MPAA Boss Chris Dodd Then & Now Concerning Google Censorship In China
from the how-much-does-it-cost-to-get-an-ex-senator-to-sell-his-soul dept
Last week, we quoted ex-Senator now MPAA-boss, Chris Dodd making somewhat surprising comments suggesting that it's fine to force Google to censor the internet at home, because the Chinese government made Google censor its results in China. His specific quote:
In case you can't watch that video, he says:
"When the Chinese told Google that they had to block sites or they couldn't do [business] in their country, they managed to figure out how to block sites."That's an interesting statement, because almost exactly four years ago, when Chris Dodd was still a Senator and was also an aspiring Presidential hopeful, he went and gave a talk at Google. He discussed many things over the course of an hour, with one key point being that, for the sake of greater internet freedom, Google should stand up to the Chinese and not allow such censorship:
Tell the Chinese government that Google.cn will no longer censor information with Google's consent. And should the Chinese government not find that acceptable, then Google.cn would shut down its operations. I understand that you've already moved all of your search records out of China, to prevent them from being turned over to the Chinese government. But what better way to affirm Google's commitment to the free flow of information as a human right, than to send this message to a nation with the largest population in the world?From there, he goes on to talk about refusing to hand over information to our own government without a warrant, followed up by this statement:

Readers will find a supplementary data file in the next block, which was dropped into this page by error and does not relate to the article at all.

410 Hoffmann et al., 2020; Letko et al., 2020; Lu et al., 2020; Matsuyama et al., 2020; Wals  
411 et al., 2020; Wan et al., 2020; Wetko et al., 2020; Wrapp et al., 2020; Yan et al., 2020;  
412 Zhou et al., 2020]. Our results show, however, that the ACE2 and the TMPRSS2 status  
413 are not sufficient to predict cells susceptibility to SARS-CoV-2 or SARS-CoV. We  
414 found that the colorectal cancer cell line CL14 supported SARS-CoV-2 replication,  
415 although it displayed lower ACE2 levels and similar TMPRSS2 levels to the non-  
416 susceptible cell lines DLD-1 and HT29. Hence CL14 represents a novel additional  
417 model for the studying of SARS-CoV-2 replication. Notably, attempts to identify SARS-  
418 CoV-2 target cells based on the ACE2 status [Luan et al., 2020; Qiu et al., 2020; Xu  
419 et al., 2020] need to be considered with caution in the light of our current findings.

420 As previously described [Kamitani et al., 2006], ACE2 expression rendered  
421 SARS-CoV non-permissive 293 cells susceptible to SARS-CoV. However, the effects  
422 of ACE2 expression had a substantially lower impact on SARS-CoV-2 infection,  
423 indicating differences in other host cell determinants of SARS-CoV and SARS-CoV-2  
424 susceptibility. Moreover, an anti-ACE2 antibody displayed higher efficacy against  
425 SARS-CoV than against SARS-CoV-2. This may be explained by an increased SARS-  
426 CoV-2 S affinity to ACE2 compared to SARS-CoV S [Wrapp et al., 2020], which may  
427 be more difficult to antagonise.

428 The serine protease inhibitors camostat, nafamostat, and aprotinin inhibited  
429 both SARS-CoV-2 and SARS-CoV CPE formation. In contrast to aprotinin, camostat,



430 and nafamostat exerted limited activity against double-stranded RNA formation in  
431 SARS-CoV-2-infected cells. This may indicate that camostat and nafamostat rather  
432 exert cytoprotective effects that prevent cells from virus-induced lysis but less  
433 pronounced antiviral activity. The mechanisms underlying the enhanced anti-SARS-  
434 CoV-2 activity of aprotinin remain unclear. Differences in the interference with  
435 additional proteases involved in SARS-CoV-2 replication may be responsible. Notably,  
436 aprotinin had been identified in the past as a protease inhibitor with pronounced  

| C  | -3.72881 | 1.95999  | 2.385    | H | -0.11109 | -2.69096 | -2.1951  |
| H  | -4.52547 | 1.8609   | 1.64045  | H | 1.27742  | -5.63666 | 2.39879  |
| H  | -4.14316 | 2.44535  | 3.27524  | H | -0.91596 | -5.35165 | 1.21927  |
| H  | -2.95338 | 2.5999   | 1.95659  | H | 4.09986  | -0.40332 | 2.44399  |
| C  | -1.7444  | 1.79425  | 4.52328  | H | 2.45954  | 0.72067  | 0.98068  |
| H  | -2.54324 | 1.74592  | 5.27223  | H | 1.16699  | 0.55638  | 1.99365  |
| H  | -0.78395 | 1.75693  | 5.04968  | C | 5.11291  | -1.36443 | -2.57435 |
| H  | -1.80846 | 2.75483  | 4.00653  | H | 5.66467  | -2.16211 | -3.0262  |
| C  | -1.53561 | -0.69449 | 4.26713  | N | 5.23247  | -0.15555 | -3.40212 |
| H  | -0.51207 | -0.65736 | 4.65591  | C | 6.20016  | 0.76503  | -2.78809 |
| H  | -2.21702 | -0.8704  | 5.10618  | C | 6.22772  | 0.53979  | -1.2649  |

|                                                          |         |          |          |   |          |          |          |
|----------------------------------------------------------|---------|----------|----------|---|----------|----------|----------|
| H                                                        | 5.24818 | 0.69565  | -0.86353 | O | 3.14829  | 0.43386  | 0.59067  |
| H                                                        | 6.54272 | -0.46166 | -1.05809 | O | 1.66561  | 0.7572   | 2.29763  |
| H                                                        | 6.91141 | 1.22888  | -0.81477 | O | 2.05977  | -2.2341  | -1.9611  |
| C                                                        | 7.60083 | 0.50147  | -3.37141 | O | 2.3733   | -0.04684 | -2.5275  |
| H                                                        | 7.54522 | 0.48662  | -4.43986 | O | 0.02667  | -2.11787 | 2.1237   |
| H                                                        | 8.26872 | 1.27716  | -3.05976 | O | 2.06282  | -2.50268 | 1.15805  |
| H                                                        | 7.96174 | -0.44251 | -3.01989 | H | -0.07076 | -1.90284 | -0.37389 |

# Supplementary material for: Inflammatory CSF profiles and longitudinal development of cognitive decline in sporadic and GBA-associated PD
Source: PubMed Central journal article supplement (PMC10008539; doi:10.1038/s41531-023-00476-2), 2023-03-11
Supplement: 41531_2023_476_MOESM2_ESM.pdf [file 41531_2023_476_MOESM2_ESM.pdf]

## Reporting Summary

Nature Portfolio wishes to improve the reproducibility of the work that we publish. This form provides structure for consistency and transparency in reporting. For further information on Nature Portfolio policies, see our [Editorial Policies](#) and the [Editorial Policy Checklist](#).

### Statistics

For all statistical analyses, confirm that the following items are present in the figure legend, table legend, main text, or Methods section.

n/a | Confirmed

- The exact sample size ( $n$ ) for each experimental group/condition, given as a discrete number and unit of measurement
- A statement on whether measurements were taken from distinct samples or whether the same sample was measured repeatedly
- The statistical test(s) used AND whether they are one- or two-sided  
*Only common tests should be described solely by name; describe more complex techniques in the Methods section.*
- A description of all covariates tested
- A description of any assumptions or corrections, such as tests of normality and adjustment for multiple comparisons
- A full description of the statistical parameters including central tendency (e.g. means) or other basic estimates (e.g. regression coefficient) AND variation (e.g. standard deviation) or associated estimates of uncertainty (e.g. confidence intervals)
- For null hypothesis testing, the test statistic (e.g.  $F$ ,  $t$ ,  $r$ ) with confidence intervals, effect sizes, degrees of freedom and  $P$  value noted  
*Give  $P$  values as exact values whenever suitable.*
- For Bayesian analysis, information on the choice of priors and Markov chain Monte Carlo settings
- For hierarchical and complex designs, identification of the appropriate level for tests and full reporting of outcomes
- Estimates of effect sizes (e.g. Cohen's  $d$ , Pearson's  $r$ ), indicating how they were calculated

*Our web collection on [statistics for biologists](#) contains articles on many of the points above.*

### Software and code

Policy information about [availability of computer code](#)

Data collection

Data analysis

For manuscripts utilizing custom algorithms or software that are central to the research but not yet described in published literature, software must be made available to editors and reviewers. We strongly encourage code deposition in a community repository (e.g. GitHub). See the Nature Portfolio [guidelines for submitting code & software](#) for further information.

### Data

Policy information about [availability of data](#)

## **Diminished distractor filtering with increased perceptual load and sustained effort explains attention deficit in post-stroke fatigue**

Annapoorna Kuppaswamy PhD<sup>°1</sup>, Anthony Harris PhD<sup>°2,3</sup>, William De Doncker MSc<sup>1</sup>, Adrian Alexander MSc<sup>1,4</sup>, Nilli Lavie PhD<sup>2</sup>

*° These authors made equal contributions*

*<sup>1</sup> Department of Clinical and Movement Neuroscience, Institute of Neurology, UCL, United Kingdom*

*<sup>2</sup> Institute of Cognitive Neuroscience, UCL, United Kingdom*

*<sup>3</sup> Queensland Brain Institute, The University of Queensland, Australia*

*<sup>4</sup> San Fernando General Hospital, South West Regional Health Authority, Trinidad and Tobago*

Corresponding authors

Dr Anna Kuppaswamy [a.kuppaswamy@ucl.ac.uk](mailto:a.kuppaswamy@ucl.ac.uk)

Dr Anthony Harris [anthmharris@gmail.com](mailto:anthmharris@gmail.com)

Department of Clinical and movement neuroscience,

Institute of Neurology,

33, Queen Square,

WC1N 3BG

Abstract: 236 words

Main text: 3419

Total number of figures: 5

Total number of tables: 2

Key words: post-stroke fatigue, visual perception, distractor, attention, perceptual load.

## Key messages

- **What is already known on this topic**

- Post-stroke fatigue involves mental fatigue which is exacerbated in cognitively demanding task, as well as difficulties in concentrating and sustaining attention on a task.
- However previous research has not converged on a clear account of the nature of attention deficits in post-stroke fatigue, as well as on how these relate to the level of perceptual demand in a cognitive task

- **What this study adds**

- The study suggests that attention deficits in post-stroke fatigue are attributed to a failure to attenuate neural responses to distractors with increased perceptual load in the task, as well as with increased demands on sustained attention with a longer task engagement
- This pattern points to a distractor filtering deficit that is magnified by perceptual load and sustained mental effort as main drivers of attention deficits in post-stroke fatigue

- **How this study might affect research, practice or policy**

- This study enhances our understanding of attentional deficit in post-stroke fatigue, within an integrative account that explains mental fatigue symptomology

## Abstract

When Google acts, others will follow in my view. Standing up in these instances will not only be good for business ethics, but I also believe it will be good for business.Yet, when Google does stand up against censoring the internet today? The very same Chris Dodd says they're "accessories" to a robbery.
As Darwin said years ago, it's not the strongest of the species who survive, or even the most intelligent, but the ones most responsive to change.Hey, Chris, perhaps it's time to look a bit at the MPAA, one of the organizations most resistant to change we've ever seen.
One way we respond to change, in my view, is to stand up, and to stand up for our principles, which do not change.Unless, of course, the MPAA hires you for a salary upwards of a million dollars. Then your principles go right out the window and your commitment to not censoring search results does a 180, and suddenly you're demanding that Google censor results at home, and highlighting the censorship in China as if it's a positive example.